What does the term “Zionism” add to a Judaism that wishes to express itself within a Jewish state? Is it anything more that Jewish Nationalism? Before Zionism was created in the nineteenth century what was the nature of Judaism‘s relationship to the land? Was it not simply the wish to live within a community of practicing Jews on its historical territory? Did that require a political movement? There was no political movement when thousands of Jews moved to Safed under the Ottomans in the sixteenth century. So why add this controversial notion of Zionism to Jewish proactive dynamism? And why not recognize secular Jews in the way, once upon a time, both Jewish commonwealths did, by including everyone, religious or not?
Zionism is a product of its limited time. Judaism has been around for thousands of years. Trying to conflate a nineteenth century nationalist ideology with a millennial religious tradition just cannot work. It’s like trying to fit a fat man into a thin man’s diving suit.
This is why many Israeli politicians now realize that if Israel is to be a Jewish state as opposed to a state for Jews, it must define itself as a Jewish state and support Jewish identity within its mission. The Palestinians should indeed also have a Palestinian state of their own which will define itself in any way it sees fit. Palestinian Israelis and Jewish Israelis, be they secular or religious, should be free to choose which state they want to live in and make whatever adjustments or compromises will be required. This is the fair solution. In theory. Sadly, we know it’s not that simple.
Given the unlikelihood of reaching an agreed solution with the Palestinians for two states, a single state looks a possibility. Under the Ottomans, a government bureaucracy ran the country, and each religion, millet, ran its own affairs. That would be the ideal solution if only the external threat was removed. But it won’t be as long as militant Islam exists and so long a militant Judaism wants to defend itself with maximal demands. Or as long as both sides have political leaders with limited imagination and no stomach for risk taking.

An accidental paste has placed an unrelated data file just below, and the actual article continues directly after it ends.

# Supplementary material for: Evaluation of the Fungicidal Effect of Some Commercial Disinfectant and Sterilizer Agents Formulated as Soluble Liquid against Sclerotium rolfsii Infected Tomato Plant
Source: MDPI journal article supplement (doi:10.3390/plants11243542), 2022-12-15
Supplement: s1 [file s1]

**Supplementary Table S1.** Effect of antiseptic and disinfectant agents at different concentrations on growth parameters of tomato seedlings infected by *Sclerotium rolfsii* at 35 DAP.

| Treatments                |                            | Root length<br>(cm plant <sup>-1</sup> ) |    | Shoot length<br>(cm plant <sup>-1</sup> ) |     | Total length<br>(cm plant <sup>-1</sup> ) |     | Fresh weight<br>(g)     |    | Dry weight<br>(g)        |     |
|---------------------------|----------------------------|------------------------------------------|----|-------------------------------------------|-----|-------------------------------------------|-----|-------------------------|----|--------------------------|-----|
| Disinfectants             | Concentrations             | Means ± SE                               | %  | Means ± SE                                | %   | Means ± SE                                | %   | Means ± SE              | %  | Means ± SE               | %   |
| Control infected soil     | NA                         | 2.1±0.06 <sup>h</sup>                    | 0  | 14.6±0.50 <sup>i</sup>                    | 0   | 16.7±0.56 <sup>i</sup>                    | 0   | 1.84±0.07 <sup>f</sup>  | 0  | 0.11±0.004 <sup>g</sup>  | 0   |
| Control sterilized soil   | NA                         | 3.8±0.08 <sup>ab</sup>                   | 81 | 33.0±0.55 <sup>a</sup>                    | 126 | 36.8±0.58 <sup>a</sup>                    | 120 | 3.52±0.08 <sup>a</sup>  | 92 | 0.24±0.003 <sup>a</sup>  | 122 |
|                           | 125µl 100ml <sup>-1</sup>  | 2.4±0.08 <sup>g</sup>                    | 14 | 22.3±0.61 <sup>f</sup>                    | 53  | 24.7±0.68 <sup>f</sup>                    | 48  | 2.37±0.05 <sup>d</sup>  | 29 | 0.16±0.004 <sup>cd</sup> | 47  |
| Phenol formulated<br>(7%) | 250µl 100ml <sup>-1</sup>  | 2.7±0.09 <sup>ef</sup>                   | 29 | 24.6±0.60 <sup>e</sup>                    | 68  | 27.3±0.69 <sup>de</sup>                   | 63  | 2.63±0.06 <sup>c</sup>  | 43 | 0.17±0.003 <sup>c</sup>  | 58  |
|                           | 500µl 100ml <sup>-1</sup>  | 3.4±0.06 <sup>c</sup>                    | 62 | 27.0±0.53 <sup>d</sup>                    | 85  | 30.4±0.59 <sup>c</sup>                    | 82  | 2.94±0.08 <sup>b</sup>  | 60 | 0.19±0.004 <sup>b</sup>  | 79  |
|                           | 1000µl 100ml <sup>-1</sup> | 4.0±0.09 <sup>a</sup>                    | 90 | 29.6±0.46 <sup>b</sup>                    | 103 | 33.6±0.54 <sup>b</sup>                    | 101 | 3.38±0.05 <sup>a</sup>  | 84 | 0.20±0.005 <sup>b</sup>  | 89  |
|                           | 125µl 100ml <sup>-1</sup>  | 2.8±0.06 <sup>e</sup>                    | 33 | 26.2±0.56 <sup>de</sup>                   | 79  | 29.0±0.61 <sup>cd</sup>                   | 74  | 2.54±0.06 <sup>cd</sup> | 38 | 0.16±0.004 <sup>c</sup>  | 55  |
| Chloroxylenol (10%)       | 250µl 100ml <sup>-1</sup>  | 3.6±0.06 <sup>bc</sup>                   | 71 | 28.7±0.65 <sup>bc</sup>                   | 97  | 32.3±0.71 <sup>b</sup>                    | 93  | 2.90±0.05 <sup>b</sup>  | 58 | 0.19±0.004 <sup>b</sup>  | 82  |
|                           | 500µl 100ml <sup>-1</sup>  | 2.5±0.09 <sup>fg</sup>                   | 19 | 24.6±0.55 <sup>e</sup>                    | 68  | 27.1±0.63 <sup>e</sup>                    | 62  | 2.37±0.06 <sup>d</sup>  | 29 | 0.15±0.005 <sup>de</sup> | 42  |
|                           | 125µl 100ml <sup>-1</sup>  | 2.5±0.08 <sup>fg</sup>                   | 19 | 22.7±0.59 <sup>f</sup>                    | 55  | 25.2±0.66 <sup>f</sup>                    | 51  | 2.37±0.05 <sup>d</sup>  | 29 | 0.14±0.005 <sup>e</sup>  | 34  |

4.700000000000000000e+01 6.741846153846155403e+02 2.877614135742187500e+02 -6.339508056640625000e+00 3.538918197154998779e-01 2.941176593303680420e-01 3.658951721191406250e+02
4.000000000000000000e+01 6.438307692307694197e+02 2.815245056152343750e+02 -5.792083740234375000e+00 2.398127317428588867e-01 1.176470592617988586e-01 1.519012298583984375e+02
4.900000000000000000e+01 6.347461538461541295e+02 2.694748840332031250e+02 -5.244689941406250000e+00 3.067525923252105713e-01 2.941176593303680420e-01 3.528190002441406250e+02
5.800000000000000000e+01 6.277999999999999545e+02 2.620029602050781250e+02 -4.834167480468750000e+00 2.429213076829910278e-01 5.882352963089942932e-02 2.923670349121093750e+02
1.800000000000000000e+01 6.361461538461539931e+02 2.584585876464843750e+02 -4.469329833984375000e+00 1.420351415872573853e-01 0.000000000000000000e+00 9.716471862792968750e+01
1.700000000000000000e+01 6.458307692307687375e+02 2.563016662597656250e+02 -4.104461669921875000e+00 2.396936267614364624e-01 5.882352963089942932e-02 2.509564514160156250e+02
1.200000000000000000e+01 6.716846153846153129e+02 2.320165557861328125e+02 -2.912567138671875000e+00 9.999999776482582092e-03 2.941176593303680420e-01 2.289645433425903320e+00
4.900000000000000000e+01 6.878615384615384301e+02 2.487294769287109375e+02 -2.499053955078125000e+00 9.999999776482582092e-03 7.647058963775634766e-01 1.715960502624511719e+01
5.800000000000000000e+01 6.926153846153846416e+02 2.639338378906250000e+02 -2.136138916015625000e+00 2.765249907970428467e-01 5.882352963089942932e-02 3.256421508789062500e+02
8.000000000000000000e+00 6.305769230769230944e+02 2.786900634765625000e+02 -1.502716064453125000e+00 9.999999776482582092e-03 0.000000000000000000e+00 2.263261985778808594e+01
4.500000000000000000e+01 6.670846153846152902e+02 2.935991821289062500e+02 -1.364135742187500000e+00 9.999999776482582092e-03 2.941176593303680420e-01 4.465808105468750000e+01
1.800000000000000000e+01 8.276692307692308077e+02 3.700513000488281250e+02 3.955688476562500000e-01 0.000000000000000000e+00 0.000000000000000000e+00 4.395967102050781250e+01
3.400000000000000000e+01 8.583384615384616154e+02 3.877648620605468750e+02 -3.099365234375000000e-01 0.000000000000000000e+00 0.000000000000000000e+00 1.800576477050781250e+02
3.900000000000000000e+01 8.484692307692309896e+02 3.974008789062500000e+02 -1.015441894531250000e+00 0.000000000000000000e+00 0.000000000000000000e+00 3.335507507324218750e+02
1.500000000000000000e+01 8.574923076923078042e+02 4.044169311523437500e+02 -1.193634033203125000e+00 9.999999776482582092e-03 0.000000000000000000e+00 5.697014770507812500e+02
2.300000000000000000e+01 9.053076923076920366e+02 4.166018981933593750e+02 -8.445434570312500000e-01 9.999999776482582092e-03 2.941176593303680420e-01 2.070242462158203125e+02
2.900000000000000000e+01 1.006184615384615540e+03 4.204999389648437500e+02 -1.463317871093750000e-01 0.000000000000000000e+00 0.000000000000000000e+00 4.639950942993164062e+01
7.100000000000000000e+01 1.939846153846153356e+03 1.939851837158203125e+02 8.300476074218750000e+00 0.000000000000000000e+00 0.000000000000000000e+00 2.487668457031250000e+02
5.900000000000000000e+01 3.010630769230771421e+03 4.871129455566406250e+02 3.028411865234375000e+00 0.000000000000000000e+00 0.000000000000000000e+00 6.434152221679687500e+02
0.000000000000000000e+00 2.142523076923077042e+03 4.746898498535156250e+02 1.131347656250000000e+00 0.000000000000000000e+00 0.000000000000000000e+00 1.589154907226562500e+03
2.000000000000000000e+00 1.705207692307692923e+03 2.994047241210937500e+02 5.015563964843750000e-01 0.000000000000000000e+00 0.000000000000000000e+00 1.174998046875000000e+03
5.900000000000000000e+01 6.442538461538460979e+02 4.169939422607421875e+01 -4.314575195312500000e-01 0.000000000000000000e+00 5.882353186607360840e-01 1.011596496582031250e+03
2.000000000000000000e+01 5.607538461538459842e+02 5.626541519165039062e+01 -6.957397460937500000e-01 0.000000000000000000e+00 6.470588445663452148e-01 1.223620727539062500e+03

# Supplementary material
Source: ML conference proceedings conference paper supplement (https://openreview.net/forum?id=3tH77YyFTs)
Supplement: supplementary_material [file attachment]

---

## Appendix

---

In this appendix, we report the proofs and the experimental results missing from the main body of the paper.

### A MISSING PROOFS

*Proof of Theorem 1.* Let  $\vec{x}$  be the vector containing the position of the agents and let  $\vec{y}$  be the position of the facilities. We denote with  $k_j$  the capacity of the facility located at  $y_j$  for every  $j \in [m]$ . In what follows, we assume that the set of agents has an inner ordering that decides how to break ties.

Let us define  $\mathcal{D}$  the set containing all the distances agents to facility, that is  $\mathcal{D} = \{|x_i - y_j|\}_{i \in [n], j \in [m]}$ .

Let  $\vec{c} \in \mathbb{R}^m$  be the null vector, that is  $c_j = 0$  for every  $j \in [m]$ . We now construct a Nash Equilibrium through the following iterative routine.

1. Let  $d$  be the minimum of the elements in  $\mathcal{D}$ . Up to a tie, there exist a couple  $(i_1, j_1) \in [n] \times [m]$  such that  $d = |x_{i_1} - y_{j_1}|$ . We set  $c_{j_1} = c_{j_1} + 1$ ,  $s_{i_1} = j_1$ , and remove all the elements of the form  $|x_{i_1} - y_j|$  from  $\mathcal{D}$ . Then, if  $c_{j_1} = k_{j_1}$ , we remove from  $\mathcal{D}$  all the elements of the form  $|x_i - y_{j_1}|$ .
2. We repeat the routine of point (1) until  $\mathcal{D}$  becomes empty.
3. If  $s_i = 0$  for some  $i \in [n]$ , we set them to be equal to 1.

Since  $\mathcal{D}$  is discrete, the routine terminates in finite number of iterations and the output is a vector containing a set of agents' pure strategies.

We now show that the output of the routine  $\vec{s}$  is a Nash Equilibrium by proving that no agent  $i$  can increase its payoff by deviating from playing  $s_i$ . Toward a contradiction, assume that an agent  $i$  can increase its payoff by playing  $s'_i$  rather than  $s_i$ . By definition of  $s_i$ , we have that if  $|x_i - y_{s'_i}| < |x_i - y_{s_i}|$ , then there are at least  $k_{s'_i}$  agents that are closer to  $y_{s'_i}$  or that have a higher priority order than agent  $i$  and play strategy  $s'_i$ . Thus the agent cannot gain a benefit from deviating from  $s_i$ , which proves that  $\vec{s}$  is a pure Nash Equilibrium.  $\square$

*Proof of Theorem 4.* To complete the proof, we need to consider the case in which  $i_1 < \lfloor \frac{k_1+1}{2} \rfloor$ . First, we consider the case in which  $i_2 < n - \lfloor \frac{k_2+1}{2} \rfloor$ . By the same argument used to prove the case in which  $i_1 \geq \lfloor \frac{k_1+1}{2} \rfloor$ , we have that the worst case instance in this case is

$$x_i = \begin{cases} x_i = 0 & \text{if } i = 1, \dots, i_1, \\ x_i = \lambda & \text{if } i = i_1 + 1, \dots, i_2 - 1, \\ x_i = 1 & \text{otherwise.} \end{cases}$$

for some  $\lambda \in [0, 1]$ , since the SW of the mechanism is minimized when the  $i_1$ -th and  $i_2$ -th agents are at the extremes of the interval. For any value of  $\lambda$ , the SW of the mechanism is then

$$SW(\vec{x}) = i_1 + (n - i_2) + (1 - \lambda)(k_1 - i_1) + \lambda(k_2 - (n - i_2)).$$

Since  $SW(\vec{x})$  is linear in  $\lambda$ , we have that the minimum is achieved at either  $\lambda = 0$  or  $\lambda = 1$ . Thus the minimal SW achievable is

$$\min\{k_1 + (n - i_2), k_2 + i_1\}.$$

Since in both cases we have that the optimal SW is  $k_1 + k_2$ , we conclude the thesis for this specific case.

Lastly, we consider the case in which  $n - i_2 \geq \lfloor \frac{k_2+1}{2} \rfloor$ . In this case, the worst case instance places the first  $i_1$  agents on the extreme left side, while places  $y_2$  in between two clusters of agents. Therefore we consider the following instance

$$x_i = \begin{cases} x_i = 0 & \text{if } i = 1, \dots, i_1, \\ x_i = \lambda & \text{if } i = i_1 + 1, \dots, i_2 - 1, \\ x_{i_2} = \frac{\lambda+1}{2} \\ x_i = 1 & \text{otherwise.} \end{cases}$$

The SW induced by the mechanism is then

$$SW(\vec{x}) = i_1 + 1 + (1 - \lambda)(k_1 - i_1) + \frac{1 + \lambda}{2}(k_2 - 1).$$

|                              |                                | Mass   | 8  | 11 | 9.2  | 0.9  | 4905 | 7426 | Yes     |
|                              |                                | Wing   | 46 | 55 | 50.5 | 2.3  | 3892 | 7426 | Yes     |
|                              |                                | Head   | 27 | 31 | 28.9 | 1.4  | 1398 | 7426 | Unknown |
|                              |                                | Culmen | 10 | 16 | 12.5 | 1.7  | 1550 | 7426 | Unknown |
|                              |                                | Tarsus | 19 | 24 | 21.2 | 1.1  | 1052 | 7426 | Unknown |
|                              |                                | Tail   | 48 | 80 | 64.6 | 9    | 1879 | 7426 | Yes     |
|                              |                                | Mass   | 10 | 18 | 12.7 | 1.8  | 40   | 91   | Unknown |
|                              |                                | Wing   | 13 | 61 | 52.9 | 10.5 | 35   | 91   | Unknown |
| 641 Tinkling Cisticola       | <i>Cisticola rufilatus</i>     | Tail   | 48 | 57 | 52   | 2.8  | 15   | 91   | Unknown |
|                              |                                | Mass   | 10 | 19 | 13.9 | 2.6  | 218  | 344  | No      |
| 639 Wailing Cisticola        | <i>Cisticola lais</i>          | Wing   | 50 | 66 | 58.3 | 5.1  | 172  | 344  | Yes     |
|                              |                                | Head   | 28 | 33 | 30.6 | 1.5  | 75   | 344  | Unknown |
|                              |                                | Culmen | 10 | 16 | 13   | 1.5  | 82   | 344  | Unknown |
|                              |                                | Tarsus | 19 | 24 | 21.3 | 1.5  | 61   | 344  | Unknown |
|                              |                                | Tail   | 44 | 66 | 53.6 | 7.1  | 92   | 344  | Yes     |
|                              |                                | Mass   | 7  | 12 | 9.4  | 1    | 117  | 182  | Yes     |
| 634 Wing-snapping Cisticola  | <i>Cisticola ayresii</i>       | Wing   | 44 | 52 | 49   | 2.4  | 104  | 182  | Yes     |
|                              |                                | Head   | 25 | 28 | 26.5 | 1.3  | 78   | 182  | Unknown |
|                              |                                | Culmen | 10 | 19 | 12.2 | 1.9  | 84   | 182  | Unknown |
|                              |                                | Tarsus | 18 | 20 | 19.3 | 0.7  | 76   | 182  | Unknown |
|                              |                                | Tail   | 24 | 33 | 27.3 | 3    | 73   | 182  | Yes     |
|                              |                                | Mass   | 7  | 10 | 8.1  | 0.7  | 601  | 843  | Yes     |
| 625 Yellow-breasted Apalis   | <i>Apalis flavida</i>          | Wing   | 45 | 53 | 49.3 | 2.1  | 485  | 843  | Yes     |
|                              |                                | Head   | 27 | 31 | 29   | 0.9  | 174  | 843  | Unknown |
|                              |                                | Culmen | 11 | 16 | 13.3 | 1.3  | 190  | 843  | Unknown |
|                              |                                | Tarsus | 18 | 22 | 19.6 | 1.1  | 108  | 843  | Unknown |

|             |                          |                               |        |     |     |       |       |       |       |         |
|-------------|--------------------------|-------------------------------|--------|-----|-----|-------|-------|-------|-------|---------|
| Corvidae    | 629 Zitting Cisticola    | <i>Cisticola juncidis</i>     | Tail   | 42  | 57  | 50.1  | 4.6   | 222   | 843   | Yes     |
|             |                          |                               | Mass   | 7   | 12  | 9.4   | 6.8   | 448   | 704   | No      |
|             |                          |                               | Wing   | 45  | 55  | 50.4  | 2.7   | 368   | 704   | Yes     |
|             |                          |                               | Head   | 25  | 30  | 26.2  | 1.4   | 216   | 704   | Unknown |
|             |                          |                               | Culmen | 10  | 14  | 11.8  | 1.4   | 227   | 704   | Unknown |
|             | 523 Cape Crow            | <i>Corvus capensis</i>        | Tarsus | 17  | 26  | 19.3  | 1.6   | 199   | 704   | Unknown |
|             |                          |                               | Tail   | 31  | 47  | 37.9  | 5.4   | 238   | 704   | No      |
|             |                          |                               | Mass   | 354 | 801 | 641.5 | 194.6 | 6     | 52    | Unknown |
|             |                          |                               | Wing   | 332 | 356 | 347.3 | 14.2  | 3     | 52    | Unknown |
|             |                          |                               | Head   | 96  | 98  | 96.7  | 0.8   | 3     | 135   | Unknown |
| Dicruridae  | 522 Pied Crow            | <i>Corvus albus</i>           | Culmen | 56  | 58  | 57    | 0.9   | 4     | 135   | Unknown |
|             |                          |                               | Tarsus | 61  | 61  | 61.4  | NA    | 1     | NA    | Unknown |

Therefore sadly I see no solution. There is only an unsatisfactory status quo, both externally and internally. That being so we have an obligation to make it as livable, as fair, and as ethical as we possibly can. But ask politicians to achieve that (anywhere) and you’re dreaming!!!!Jeremy Rosen
About the Author: Jeremy Rosen is an Orthodox rabbi, author, and lecturer, and the congregational rabbi of the Persian Jewish Center of New York. He is best known for advocating an approach to Jewish life that is open to the benefits of modernity and tolerant of individual variations while remaining committed to halacha (Jewish law). His articles and weekly column appear in publications in several countries, including the Jewish Telegraph and the London Jewish News, and he often comments on religious issues on the BBC.
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